UNDERSTANDING THE STANDARD

    • The intent of this standard is that students will become independent and proficient in composing a variety of types of writing.
    • Teachers will focus direct instruction on all three domains of writing:
      • composing – the structuring and elaborating a writer does to construct an effective message for readers;
      • written expression – those features that show the writer purposefully shaping and controlling language to affect readers; and
      • usage/mechanics – the features that cause written language to be acceptable and effective for standard discourse.
    • Students will gradually assume responsibility for revising, proofreading, and editing their own writing.
    • Elaboration can occur by using descriptive details and examples within a sentence to give detail and depth to an idea, or from paragraph to paragraph.
    • Voice shows an author’s personality, awareness of audience, and passion for his or her subject. It adds liveliness and energy to writing. Voice is the imprint of the writer — the capacity to elicit a response from the reader.
    • Tone expresses an author’s attitude toward the subject.
    • A writing process is nonlinear: returning to prewriting or drafting at any point in the process may help the writer clarify and elaborate the drafted piece.
    • Students should have practice writing on demand, for shorter time frames, and over  extended periods of time.

    All students should

    • understand that writing requires a recursive process that includes planning, drafting, revising, editing, and publishing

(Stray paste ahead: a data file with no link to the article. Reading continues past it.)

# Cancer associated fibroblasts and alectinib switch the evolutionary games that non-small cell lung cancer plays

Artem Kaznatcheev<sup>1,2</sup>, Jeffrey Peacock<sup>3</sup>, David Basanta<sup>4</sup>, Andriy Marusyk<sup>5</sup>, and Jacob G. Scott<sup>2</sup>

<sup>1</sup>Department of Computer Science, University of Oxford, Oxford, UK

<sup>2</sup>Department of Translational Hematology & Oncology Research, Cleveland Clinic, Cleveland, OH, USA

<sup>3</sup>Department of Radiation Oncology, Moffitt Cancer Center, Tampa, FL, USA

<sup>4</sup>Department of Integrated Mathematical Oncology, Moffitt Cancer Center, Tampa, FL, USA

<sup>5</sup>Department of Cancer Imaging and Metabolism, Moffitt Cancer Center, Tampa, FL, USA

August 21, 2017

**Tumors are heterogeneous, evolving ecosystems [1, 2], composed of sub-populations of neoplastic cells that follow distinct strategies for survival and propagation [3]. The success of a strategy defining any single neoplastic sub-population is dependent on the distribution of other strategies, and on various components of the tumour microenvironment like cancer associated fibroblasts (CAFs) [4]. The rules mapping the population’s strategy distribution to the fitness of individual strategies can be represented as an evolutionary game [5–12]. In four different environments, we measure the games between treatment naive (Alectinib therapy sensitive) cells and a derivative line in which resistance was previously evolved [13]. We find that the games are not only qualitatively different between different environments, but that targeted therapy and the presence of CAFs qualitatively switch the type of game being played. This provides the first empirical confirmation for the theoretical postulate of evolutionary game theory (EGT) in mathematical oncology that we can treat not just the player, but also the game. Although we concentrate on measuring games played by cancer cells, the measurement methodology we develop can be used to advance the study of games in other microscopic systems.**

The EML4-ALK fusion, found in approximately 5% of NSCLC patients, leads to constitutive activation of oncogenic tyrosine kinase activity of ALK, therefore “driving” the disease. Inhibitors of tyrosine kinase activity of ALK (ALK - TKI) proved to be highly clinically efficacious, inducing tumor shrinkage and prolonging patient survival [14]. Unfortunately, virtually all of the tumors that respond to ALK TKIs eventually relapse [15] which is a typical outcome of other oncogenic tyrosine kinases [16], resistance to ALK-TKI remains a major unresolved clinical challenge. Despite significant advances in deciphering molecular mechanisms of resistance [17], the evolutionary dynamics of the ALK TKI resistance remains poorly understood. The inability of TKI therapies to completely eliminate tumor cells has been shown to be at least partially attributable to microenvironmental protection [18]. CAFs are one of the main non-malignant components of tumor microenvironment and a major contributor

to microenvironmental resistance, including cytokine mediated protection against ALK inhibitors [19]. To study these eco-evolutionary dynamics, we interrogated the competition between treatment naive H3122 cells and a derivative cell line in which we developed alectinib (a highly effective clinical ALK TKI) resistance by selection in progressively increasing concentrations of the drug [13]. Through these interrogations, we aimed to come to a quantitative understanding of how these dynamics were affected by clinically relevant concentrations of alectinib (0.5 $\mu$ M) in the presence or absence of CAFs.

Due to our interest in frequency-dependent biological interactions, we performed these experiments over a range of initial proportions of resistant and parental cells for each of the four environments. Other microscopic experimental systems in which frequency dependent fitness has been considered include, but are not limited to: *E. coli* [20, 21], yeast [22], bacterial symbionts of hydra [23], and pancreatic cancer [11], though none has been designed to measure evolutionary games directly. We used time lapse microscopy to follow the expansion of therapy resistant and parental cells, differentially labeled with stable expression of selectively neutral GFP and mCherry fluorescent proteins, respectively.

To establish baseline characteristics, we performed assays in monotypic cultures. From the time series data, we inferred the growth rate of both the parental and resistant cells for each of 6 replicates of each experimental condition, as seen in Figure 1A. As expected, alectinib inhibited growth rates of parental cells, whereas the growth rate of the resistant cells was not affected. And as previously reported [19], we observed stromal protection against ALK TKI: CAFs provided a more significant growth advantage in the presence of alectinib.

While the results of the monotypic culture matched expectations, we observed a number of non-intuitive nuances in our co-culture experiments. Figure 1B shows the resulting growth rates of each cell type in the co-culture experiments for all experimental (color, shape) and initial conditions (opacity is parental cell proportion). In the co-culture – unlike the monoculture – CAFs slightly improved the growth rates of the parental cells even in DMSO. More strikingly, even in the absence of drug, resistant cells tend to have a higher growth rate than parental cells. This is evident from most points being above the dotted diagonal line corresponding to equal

• understand that voice in writing is purposefully crafted with attention to deliberate word choice, precise information, and vocabulary
    • understand that vocabulary and tone must be selected with awareness of audience and purpose
    • understand that effective writing includes elaboration
    • understand that effective writing has been improved through revision

    ESSENTIALS

    All students should

    • use a process for writing, including:
      • planning;
      • drafting;
      • revising;
      • proofreading;
      • editing; and
      • publishing.
    • understand that good writing includes elaboration.
    • recognize that a thesis statement is not an announcement of the subject, but rather a unified, and specific statement.
    • understand that good writing has been improved through revision.
    • understand and apply the elements of composing:
      • central idea;
      • elaboration;
      • unity; and
      • organization. 

    To be successful with this standard, students are expected to

    • identify intended audience and purpose.
    • use a variety of prewriting strategies including:
      • brainstorming;
      • webbing;
      • mapping;
      • outlining;
      • clustering;
      • listing; and
      • using graphic organizers.
    • explain, analyze, or summarize a topic.
    • write an effective thesis statement focusing, limiting, or narrowing the topic.
    • differentiate between a thesis statement and a topic sentence.
    • choose an appropriate strategy for organizing ideas such as comparison/contrast, personal narrative, cause/effect, etc., and  provide transitions between ideas.
    • develop real or imagined experiences or events using effective techniques, relevant descriptive details, and well-structured event sequences when writing narratives.
    • organize an event sequence that unfolds naturally and logically.
    • create multiparagraph compositions focusing on a central idea and using elaborating details, reasons, or examples as appropriate for audience and purpose.
    • include an appropriate introduction and satisfying conclusion.